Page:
Peter Saul | New York Reviews

ArtForum, Summer 2015

The wonderful exhibition “Peter Saul: From Pop to Punk”—challenging, engrossing, troubling—which consisted of sixteen ambitious paintings and five equally ambitious drawings from the 1960s and ’70s, was woefully mistitled: There was nothing waywardly adolescent about this show, nothing punk, as I understand the meaning of both word and style.

Indeed, with the passage of half a century, these paintings seem even more centered and gravely pertinent—prescient, even—given the ghastly world we now live in than they did when they were first championed by Allan Frumkin, the placid but remarkable dealer who impulsively took the artist on, surely with no hope of profit, considering the unrelenting aggression reflected in Saul’s amalgam of surrealist cartooning and the day’s politics.

Think back to the many contrapuntal divisions of the ’60s—abstract painting versus provincial representationalism, or an unyielding Minimalism ascending coincidentally with its evil fraternal twin, Pop art. Or, as another example, consider the last gasp of ahumanistic political art (as manifested, say, in the disparaged “New Images of Man,” Peter Selz’s 1959 curatorial debut at New York’s Museum of Modern Art) versus the supposedly apolitical nature of AbEx, at least according to puritanical period formalist readings. Saul’s paintings, in retrospect, seem the meeting place of these antipodal encounters. I can bear witness to all this, since, as a graduate student in art history at the University of Chicago, I first encountered Saul’s disconcerting works chez Frumkin, who would later open in New York, a move underscoring yet another either/or—that of New York versus Chicago, the latter denigrated, locally and otherwise, as the “second city.”

Chicago aside, Saul hails from San Francisco, city of Haight-Ashbury, and Berkeley’s neighbor to the west. The archvillain of his work is Ronald Reagan, back then only the governor and, perforce, the regent of the University of California system and the guy who called in the cops to quell the student antiwar uprisings at a moment when free speech and freedom of conscience meant something acutely real. Reagan sits deep in Saul’s Dantean circles of hell, his placement particularly visible in the ambiguous The Government of California, 1969, wherein we discover the future president pinioned against the Golden Gate Bridge alongside Martin Luther King Jr., who had been assassinated the previous year; against all reason, Dr. King is here disturbingly “memorialized” as a creature with dangling tentacles. Indeed, Saul’s work frequently includes distressing ethnic stereotypes—of African Americans, of the Vietnamese, of Jews. See All the Money in Palestine, 1969, with its slogans reading FUCKING MILLIONAIR, USURY, SYPHILITIC PROFITS, not to mention the big noses of the painting’s stereotyped central characters. What to make of such ostensibly left-wing agitprop?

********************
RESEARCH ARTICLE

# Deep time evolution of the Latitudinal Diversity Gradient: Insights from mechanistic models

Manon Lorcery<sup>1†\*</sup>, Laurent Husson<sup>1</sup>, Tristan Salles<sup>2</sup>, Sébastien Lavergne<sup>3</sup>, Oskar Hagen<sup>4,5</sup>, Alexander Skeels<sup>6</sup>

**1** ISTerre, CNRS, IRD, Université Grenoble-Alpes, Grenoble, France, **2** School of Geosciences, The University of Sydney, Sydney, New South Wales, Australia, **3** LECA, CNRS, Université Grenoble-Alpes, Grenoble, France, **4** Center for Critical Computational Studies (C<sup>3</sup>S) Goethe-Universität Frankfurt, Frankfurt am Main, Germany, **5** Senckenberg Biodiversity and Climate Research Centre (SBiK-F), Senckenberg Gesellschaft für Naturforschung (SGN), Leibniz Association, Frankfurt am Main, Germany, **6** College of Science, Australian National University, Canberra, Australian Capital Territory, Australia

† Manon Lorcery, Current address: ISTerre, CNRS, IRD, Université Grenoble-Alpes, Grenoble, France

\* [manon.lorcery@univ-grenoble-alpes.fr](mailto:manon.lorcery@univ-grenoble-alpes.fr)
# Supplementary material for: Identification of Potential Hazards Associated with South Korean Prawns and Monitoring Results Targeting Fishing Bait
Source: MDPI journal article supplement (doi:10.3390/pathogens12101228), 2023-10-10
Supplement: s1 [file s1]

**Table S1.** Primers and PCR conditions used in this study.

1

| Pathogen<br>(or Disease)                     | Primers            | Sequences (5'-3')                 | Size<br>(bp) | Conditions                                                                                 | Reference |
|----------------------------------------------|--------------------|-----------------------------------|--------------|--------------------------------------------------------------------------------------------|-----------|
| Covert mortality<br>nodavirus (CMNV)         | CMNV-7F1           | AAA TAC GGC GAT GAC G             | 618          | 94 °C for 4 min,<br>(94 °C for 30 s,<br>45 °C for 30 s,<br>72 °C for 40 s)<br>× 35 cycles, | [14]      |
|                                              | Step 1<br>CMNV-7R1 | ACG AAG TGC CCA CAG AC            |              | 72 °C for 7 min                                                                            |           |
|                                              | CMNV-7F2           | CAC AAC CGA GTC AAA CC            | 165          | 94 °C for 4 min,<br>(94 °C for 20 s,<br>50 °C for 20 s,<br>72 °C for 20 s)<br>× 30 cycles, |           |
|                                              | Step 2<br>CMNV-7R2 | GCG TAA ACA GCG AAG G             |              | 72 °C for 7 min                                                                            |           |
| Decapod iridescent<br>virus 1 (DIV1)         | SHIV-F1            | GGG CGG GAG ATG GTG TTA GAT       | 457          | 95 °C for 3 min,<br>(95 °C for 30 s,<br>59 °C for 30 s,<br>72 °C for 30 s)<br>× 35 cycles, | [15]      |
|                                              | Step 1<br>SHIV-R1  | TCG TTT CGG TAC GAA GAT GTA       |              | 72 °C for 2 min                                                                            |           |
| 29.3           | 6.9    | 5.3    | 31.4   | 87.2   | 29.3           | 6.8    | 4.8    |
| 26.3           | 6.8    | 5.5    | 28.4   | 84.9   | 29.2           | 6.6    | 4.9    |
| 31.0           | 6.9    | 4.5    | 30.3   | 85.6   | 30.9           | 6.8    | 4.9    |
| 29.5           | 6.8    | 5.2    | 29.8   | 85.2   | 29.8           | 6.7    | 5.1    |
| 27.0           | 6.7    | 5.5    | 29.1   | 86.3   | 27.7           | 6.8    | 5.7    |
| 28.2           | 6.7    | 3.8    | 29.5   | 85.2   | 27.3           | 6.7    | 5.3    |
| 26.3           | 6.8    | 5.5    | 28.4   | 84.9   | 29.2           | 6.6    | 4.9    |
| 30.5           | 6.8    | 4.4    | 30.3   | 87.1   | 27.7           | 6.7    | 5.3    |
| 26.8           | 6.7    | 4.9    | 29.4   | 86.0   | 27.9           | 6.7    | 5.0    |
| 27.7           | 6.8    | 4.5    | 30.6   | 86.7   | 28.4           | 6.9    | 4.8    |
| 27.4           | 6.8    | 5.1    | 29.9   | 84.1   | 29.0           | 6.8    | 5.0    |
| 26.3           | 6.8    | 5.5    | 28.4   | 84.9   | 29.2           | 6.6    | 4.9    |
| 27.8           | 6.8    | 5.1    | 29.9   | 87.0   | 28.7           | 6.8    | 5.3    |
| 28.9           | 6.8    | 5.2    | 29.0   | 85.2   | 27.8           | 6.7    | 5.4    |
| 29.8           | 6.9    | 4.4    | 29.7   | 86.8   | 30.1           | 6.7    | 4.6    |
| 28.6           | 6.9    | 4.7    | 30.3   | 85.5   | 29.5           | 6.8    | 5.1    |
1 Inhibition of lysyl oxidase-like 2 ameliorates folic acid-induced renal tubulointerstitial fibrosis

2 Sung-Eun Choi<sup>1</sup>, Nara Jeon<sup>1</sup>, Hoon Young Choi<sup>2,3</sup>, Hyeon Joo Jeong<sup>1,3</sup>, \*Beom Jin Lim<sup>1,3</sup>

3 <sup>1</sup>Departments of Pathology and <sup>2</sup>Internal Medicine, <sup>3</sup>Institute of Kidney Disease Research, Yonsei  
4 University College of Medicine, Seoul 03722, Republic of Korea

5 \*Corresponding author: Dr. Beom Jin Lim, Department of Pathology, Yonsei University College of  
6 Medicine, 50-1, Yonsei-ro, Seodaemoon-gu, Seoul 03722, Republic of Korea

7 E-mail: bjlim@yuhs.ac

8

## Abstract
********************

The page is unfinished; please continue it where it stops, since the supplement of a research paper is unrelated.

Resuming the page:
Despite the confrontational nature of Saul’s potty-mouthed paintings, a virtually pastoral mode marks his earlier art, works pleasing in their scoured surfaces of delicate coloration: The artist’s plangent, whistling neon only fully ignites by 1966. This early output reveals Saul’s struggle with indecision and piecemeal discovery, though the imagery remains that of the virulent propaganda germane to his whole enterprise (if not the entire history of the cartoon tradition). Some of the early work may strike certain viewers as a trifle perfumed—Sex Boat, 1961, particularly so. With its obdurate and crude imagery—check out the ballooning yellow phallus rising in the upper right—the painting’s gentle palette also registered in Superman in the Electric Chair, 1963, with its eccentric yellow water-closet shape that fills half the composition.

These were the years of the American misadventure in Vietnam, spurred by a self-deluding domino theory; the ’60s were marked by a disastrous loss of life and treasure (both American and Vietnamese), as emblematized by the 1968 Tet Offensive. Thus was set the background for Saul’s acerbic, dreadfully painful, funny canvases, premonitory works acquired by a uniquely comprehending art dealer who held them dear for a lifetime. Here reassembled, these paintings were recontextualized as national masterworks by a veteran artist who may now be seen as an unanticipated Emanuel Leutze (of Washington Crossing the Delaware fame): political satire as history painting.

—Robert Pincus-Witten